It is normal to see girls and women in the suburbs of Kolkata and rural areas cycling for work or education. The Sabooj Sathi scheme, with cycles distributed in thousands, has given women a certain freedom and mobility. The Lakshmi Bhandar scheme with Rs 1000 for SC/ST women, and Rs 500 per month for others, too has been appreciated.
Most significant has been the free public distribution system throughout the pandemic and lockdown with free food distributed to those in the margins. This continues till this day. After the elections, food is being distributed, door to door.
This reporter has witnessed this phenomenon , from rural areas to an urban settlement like Kumartuli in Kolkata, where traditional artists make the sculptures of Durga and other gods and goddesses before the pujas. The area also has very small scale industries, like undergarment factories.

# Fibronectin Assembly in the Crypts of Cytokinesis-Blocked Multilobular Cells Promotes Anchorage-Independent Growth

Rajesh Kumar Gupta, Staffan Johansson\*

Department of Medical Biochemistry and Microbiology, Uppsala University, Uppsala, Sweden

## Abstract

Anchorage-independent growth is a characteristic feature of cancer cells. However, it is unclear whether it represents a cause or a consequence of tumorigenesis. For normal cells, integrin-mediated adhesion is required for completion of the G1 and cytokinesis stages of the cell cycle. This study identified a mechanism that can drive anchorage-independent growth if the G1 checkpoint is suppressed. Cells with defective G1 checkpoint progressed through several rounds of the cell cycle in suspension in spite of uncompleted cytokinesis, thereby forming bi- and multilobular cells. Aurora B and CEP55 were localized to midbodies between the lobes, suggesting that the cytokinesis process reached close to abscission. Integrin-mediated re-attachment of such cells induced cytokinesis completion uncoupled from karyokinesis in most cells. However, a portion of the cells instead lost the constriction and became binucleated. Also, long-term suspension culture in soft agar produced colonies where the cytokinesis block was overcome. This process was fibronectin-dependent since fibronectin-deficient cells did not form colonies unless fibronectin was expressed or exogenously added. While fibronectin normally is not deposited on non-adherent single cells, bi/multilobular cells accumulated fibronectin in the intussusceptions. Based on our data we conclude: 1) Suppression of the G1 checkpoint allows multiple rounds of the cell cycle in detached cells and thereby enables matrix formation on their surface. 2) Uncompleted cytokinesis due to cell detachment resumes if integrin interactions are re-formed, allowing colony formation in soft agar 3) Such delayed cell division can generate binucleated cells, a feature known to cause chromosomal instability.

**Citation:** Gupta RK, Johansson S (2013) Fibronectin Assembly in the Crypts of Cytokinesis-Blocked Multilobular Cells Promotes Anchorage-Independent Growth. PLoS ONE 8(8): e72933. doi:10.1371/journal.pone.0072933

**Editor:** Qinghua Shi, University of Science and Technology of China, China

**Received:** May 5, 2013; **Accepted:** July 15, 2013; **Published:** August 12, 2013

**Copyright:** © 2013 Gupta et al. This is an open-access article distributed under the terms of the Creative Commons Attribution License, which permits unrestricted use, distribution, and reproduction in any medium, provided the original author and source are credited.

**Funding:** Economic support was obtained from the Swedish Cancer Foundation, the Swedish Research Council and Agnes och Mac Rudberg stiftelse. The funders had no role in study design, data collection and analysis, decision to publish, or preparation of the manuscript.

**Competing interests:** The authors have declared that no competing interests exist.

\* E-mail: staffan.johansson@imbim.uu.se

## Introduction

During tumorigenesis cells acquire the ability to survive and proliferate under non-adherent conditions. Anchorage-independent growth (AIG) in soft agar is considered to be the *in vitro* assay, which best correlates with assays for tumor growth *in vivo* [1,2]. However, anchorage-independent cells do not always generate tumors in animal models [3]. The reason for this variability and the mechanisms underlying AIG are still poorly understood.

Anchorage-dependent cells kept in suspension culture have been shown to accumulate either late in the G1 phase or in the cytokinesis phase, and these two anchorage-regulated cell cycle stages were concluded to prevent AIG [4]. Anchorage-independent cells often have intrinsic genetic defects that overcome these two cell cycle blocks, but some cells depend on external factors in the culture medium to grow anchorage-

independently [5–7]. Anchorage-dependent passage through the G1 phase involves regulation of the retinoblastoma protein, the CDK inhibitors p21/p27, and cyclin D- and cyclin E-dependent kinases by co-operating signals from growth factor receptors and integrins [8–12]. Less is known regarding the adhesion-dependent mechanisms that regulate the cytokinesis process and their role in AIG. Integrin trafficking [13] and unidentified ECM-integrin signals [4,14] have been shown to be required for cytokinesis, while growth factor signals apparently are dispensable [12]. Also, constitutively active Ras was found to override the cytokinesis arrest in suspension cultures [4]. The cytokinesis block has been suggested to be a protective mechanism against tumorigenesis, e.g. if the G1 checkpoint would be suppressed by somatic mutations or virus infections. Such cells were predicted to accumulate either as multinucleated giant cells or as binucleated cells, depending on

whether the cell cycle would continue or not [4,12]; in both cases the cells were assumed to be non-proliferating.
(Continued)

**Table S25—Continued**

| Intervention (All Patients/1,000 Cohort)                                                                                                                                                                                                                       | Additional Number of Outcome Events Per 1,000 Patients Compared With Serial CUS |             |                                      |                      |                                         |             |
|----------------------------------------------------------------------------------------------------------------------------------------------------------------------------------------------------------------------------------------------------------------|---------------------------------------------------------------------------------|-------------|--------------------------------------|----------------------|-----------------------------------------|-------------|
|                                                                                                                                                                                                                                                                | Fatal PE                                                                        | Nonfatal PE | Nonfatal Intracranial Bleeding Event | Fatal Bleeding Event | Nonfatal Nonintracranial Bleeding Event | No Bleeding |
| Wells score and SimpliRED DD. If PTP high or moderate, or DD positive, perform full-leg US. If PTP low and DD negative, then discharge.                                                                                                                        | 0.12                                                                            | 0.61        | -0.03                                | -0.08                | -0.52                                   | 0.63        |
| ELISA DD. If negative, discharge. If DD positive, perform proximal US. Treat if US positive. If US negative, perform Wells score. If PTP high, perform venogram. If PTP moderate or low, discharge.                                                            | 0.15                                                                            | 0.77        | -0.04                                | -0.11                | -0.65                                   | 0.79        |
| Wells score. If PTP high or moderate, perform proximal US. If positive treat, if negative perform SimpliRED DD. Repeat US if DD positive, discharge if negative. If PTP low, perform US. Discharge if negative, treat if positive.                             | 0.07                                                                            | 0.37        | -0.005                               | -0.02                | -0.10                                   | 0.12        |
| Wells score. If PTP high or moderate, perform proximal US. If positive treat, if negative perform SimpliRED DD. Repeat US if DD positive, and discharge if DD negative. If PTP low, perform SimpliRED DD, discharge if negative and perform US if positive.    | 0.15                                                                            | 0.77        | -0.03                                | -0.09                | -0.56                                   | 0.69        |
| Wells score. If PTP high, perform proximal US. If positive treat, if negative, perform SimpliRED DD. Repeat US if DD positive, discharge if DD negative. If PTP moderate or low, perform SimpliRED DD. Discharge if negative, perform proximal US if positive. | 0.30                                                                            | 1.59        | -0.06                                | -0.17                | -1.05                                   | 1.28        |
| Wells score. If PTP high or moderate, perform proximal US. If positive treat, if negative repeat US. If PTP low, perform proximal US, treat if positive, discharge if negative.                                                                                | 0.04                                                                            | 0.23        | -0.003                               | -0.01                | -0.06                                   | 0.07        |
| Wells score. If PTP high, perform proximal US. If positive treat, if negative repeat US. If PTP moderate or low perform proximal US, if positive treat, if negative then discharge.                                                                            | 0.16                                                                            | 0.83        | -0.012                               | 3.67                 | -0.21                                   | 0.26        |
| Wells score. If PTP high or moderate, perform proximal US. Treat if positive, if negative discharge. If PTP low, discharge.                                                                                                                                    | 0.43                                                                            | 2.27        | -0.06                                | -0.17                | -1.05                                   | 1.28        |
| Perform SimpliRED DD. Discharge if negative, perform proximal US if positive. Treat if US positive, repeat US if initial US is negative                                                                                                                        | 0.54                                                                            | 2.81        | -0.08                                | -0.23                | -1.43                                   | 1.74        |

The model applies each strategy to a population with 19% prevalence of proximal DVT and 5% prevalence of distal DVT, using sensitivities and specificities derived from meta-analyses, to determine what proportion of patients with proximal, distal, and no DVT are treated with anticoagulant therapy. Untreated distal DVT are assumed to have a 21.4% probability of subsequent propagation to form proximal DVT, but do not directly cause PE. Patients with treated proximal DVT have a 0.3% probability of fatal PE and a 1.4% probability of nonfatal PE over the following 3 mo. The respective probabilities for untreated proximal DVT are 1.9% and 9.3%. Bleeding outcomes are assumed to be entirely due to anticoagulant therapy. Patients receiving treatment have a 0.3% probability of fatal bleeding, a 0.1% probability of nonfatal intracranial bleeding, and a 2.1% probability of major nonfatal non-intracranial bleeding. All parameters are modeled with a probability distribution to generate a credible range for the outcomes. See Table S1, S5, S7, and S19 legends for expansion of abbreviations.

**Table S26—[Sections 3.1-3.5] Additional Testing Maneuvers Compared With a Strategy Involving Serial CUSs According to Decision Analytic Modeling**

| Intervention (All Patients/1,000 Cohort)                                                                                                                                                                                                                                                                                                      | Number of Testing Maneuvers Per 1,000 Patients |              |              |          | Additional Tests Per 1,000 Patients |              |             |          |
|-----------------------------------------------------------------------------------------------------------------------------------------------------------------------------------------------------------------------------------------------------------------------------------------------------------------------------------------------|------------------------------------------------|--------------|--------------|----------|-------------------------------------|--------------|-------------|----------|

Throughout the pandemic and lockdown, the local TMC MP, Dr Shashi Panja, herself distributed ration in the area, even while the humble factory-owners and sculptors suffered joblessness, deprivation and poverty. So much so, even the sex workers in Kolkata were given food and other assistance, with the police creating kitchens in the police station, and distributing food in their homes and work places.
Across Bengal, in rural areas and small towns, the social welfare measures undertaken by the Mamata Bannerjee government have endeared her to the masses, especially women.
Electorally, truly, this kind of sustained credibility on the ground, will not be easy to erase, despite the corruption scams making headlines. In that sense, Didi will continue to remain the biggest player in Bengal, today and in the days to come. Khela Hobe continues…